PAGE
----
The following story is from Section 5.1 of my new Discovery Institute Press book “In the Beginning and Other Essays on Intelligent Design, 2nd edition.” For a more scientific version of this story, see my 2013 BIO-Complexity article, “Entropy and Evolution,” which is now Chapter 4. The new Chapter 1 is an article published by Human Events in December 2013.
In the current debate between Darwinism and intelligent design, the strongest argument made by Darwinists is this: in every other field of science, naturalism has been spectacularly successful, why should evolutionary biology be so different? Even most scientists who doubt the Darwinist explanation for evolution are confident that science will eventually come up with a more plausible explanation. That’s the way science works, if one theory fails, we look for another one; why should evolution be so different? Many people believe that intelligent design advocates just don’t understand how science works, and are motivated entirely by religious beliefs.
Well, perhaps the following discussion will help critics of intelligent design to understand why evolution is different.
Here is a set of pictures of a neighborhood in Moore, Oklahoma. The first was taken before the May 20, 2013 tornado hit, and the second was taken right after the tornado.
Fortunately, another tornado hit Moore a few days later, and turned all this rubble back into houses and cars, as seen in the third picture below.
If I asked you why you don’t believe my story about the second tornado, you might say this tornado seems to violate the more general statements of the second law of thermodynamics, such as “In an isolated system, the direction of spontaneous change is from order to disorder.” To this I could reply, Moore is not an isolated system, tornados receive their energy from the sun, so the decrease in entropy in Moore caused by the second tornado is easily compensated by increases outside this open system. Or I might argue that it is too hard to quantify the decrease in entropy caused by the second tornado, or I could say I simply don’t accept the more general statements of the second law, the second law of thermodynamics should only be applied to thermodynamics.
Nevertheless, suppose I further said, I have a scientific theory that explains how certain rare types of tornados, under just the right conditions, really can turn rubble into houses and cars. You doubt my theory? You haven’t even heard it yet!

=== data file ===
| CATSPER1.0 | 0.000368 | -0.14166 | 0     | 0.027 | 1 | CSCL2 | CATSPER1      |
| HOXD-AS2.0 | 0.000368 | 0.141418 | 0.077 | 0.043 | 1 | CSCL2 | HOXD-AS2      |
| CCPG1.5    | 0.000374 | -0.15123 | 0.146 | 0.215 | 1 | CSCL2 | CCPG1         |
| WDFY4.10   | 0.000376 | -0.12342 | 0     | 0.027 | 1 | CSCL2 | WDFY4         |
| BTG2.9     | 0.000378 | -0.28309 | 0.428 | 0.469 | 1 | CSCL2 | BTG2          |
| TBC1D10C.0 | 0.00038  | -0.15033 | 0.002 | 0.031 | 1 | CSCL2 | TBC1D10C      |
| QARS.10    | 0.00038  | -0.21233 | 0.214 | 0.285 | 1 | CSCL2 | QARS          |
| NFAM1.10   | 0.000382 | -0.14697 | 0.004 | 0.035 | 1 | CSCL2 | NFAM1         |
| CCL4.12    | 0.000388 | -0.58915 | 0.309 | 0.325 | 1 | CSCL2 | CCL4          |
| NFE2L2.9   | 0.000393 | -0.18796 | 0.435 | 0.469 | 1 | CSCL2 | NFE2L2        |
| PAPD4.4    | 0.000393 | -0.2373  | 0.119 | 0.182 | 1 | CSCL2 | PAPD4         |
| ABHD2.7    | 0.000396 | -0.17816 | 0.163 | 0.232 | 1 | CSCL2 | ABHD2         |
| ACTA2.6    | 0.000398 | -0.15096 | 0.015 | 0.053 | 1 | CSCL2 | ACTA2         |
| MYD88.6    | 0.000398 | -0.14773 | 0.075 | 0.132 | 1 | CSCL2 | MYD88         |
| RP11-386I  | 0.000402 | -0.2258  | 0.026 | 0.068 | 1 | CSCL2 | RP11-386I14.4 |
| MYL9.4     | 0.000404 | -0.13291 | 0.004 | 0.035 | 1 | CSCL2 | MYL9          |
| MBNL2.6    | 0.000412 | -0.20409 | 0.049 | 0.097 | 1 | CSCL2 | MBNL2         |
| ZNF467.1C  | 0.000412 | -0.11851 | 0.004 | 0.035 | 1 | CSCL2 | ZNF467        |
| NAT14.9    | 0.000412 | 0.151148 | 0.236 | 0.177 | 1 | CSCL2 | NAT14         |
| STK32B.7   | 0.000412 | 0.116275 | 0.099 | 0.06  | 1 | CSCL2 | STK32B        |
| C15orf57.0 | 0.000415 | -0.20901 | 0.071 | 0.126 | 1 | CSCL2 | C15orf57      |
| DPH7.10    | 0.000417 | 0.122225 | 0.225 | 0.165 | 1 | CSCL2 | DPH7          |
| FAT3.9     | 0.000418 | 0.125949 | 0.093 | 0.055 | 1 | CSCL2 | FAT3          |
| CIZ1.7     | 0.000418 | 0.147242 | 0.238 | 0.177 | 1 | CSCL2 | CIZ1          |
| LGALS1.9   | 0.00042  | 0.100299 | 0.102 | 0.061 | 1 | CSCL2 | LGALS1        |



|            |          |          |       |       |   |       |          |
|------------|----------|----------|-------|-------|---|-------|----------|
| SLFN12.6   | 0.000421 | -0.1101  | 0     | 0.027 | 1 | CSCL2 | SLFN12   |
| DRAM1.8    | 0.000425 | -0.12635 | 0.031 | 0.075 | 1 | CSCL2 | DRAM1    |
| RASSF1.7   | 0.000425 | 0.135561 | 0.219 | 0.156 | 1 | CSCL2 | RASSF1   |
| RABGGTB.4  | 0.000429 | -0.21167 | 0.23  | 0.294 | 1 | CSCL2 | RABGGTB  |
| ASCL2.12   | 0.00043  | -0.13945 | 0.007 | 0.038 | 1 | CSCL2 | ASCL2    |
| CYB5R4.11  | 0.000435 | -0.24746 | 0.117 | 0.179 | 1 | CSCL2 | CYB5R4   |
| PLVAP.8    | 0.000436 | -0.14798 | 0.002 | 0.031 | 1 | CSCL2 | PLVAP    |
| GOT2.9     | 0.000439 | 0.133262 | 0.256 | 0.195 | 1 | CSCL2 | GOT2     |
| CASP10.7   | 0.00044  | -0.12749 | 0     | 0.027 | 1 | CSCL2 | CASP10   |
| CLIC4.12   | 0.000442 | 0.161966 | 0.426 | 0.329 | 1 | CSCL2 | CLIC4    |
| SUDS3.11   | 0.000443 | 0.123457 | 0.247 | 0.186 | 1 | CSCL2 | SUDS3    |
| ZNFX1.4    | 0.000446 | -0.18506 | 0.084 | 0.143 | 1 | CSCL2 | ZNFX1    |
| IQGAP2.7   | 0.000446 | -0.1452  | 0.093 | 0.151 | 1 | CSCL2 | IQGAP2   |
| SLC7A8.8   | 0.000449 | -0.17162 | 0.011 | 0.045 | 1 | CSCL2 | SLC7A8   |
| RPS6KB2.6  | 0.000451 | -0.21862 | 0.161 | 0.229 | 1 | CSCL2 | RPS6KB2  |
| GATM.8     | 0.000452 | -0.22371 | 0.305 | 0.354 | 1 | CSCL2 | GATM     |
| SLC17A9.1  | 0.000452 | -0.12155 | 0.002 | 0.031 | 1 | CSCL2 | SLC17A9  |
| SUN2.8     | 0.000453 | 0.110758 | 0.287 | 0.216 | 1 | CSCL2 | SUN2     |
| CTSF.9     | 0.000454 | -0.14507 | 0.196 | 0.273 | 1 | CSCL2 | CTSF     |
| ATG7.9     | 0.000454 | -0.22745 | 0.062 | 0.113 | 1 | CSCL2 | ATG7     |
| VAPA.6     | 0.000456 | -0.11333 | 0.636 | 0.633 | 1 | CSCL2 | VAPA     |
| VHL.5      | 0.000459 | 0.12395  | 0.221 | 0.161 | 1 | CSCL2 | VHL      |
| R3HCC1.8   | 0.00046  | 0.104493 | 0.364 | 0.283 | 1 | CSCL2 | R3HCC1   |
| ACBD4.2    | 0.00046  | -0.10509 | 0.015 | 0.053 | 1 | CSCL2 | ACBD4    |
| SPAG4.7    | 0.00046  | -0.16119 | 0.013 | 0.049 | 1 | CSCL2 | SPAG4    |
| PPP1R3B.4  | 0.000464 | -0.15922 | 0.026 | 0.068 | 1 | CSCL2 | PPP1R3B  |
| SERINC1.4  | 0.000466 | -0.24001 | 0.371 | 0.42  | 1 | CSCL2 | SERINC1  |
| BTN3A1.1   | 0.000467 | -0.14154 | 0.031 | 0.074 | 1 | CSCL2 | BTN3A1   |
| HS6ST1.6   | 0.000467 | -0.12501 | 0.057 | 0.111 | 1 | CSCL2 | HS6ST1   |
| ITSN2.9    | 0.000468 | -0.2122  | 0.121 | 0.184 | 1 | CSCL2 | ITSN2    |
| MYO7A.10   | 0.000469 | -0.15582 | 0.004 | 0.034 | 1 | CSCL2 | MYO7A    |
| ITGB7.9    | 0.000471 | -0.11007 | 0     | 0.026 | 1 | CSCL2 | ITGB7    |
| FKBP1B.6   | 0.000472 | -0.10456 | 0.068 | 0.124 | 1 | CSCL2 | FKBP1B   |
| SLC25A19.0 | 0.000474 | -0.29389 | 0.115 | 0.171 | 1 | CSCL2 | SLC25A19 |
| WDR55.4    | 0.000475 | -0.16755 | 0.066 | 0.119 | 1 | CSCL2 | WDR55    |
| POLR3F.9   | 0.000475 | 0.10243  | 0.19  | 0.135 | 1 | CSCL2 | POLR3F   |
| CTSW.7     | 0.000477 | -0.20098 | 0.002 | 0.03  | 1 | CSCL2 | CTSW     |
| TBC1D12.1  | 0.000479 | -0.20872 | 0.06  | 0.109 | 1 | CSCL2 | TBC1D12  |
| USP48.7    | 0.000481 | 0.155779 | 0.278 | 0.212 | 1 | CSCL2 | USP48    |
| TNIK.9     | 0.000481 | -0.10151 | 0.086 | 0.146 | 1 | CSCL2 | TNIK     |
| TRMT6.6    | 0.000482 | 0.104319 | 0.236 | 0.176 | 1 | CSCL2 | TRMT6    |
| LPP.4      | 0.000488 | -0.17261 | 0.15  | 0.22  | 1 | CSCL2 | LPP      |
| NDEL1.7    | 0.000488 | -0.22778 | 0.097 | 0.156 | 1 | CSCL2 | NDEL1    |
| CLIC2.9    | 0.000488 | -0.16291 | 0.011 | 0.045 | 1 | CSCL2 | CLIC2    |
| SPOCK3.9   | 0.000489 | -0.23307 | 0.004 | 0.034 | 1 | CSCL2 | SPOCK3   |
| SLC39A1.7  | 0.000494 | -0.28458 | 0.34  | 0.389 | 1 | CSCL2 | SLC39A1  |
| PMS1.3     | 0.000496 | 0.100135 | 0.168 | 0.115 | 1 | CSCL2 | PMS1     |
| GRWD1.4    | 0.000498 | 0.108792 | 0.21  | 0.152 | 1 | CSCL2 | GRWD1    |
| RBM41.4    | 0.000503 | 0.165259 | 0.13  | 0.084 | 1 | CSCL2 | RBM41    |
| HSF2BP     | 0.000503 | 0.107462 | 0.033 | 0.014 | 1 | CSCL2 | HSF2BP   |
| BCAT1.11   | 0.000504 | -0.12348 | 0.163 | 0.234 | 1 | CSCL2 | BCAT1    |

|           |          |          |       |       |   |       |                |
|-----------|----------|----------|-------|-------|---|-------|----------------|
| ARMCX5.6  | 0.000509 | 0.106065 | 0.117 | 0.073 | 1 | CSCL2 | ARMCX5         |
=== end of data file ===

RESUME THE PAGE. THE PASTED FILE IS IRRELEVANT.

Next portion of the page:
Now I have three more pictures for you, and two more stories. The first picture shows a certain Earth-like planet in a certain solar system, as it looked about 4 billion years ago. The second shows a large city at the same location about 10,000 years ago. At its prime, this city had tall buildings full of intelligent beings, computers, TV sets and cell phones inside. It had libraries full of science texts and novels, and jet airplanes taking off and landing at its airport.
Scientists explain how civilization developed on this once-barren planet as follows: about 4 billion years ago a collection of atoms formed by pure chance that was able to duplicate itself, and these complex collections of atoms were able to preserve their complex structures and pass them along to their descendants, generation after generation. Over a long period of time, the accumulation of genetic accidents resulted in more and more elaborate collections of atoms, and eventually something called “intelligence” allowed some of these collections of atoms to design buildings and computers and TV sets, and write encyclopedias and science texts.
Sadly, a few years after the second picture was taken, this planet was hit by a massive solar flare from its sun, and all the intelligent beings died, their bodies decayed, and their cells decomposed into simple organic and inorganic compounds. Most of the buildings collapsed immediately into rubble, those that didn’t, crumbled eventually. Most of the computers and TV sets inside were smashed into scrap metal, even those that weren’t, gradually turned into piles of rust. Most of the books in the libraries burned up, the rest rotted over time, and you can see see the final result many years later in the third picture below.
Now it is the first story that is much more difficult to believe. The development of civilization on this planet, and the tornado that turned rubble into houses and cars, each seems to violate the more general statements of the second law, in a spectacular way. Various reasons why the development of civilization does not violate the second law have been given, but all of them can equally well be used to argue that the second tornado did not violate it either. That is, all except one: there is a theory as to how civilizations can develop on barren planets which is widely-accepted in the scientific world, while there is no widely-believed theory as to how tornados could turn rubble into houses and cars.
Well, maybe science will eventually come up with a plausible naturalistic explanation for evolution. But my question to those who treat evolution as just another scientific problem is this: do you really still believe that anyone who doubts that science can explain the development of life and of human intelligence in terms of a few unintelligent forces of physics alone simply does not understand how science works? Can you now at least understand why some of us feel that evolution is a fundamentally different and much more difficult problem than others solved by science, and requires a fundamentally different type of explanation?